In this carnivalesque portrait of provincial Italy during the Fascist period, Federico Fellini's most personal film satirizes his youth and turns daily life into a circus of social rituals, adolescent desires, male fantasies, and political subterfuge, all set to Nina Rotas classic, nostalgia-tinged score. The Academy Award-winning Amarcord remains one of cinema's enduring treasures.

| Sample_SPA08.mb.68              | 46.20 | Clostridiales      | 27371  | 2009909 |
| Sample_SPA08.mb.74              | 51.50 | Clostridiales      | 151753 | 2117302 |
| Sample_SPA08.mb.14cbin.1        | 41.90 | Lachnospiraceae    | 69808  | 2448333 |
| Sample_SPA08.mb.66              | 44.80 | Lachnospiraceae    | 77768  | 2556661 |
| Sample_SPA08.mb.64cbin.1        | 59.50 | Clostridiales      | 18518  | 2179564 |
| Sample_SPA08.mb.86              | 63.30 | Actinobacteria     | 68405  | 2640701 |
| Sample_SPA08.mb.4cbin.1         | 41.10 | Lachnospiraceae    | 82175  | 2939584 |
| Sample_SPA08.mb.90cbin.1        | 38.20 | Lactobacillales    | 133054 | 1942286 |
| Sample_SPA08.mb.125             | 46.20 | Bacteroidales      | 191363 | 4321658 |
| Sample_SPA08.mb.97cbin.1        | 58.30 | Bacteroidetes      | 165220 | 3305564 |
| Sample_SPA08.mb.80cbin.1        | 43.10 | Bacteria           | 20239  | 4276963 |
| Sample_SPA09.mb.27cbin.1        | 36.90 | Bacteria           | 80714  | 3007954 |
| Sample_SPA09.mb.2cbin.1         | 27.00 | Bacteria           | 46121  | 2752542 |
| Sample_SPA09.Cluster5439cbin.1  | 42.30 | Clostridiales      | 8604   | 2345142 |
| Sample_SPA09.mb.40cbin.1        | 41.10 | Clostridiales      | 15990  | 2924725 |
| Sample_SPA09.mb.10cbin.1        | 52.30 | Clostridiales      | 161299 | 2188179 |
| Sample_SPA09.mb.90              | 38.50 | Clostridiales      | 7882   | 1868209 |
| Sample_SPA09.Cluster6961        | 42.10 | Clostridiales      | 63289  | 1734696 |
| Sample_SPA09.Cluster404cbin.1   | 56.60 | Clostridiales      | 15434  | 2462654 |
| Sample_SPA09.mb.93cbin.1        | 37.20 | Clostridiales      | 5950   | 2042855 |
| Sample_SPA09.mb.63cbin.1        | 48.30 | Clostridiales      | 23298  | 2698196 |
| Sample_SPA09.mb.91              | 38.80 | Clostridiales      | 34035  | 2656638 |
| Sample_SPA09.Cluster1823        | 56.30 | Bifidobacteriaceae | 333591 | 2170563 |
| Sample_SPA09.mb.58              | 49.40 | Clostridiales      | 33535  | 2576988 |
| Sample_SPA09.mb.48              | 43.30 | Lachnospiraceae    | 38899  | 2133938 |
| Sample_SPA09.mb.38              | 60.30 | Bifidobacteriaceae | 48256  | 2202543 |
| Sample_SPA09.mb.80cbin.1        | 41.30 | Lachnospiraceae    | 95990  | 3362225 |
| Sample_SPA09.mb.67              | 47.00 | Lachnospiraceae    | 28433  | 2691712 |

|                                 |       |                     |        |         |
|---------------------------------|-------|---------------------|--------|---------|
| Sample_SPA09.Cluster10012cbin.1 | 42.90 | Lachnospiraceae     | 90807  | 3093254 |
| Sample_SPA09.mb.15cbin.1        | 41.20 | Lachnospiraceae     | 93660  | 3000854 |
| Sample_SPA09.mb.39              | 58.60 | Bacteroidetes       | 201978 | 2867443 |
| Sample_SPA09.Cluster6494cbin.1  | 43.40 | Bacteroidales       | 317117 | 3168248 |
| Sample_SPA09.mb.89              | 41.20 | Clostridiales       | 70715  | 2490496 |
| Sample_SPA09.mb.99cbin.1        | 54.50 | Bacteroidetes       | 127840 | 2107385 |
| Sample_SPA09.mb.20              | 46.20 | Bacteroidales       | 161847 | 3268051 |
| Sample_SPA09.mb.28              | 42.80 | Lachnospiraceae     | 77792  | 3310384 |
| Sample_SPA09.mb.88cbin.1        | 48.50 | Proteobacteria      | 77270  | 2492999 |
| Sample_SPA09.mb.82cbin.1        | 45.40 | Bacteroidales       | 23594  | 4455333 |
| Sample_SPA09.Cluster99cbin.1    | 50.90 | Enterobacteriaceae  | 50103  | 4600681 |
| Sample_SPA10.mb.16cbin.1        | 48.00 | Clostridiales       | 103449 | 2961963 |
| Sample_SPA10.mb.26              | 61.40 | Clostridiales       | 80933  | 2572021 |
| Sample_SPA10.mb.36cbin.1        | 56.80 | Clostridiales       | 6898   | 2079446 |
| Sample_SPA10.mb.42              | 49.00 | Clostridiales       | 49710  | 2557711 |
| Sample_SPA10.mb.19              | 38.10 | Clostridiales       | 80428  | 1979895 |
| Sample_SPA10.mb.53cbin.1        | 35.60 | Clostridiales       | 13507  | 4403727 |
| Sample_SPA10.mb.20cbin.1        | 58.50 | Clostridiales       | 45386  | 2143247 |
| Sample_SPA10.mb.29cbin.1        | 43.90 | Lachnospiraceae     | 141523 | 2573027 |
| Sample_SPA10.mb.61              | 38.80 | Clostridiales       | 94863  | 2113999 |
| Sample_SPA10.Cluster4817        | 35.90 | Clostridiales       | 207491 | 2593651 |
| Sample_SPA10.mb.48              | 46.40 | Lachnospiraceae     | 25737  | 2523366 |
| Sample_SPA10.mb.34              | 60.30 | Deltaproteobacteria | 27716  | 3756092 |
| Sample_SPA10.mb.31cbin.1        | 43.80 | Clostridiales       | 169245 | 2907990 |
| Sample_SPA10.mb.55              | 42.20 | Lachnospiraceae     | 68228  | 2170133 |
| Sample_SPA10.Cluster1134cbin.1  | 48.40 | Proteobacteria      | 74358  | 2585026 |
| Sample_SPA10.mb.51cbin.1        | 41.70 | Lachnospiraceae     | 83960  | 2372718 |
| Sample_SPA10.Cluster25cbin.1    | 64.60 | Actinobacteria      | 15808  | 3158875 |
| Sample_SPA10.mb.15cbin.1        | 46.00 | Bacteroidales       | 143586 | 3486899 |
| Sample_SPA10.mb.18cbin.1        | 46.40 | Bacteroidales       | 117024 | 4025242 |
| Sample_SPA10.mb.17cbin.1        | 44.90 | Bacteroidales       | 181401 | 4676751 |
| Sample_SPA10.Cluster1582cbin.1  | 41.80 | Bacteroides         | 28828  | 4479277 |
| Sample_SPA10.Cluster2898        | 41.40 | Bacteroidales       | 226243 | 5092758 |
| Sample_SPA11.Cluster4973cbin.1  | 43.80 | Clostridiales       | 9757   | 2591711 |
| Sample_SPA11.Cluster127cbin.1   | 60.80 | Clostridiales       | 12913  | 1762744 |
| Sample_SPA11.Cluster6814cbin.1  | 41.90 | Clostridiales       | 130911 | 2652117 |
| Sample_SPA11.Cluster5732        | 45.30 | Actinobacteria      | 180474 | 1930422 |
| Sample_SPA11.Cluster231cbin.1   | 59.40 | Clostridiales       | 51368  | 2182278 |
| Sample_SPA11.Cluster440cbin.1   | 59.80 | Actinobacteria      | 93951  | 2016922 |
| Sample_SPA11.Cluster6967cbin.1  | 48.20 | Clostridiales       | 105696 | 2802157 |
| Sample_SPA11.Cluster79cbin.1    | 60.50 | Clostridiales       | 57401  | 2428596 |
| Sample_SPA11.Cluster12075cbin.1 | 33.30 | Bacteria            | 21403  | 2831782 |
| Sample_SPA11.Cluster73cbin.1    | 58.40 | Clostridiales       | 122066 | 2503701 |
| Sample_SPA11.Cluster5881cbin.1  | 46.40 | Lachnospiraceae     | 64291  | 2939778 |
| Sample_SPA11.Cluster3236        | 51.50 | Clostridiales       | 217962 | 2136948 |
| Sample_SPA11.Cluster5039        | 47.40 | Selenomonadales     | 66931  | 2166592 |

Federico Fellini's final film to win an Oscar is a fascinating mix of nostalgia, allegory, and larger-than-life outrageousness, and Criterion has assembled a package that pays tribute to every facet. The stellar assortment of supplements includes a trailer, sketches by the filmmaker, deleted footage, an interview with the still effervescent star Magali Noël, and a nonstop commentary track by Italian cinema scholars Peter Brunette and Frank Burke that manages to be both extremely informative and dryly funny. (The director's growing infatuations with rude bodily functions and exaggerated female forms do not go unremarked.) Most essential, however, might be the inclusion of a 45-minute documentary featuring interviews with a number of Fellini's childhood friends, some of whom were surprised to find themselves depicted in the film in exaggerated form. Taken as a whole, it paints a fascinating picture of a sly, continually slippery artist who, in the words of one participant, did everything possible to wipe out his own autobiography and invent another one. --Andrew Wright
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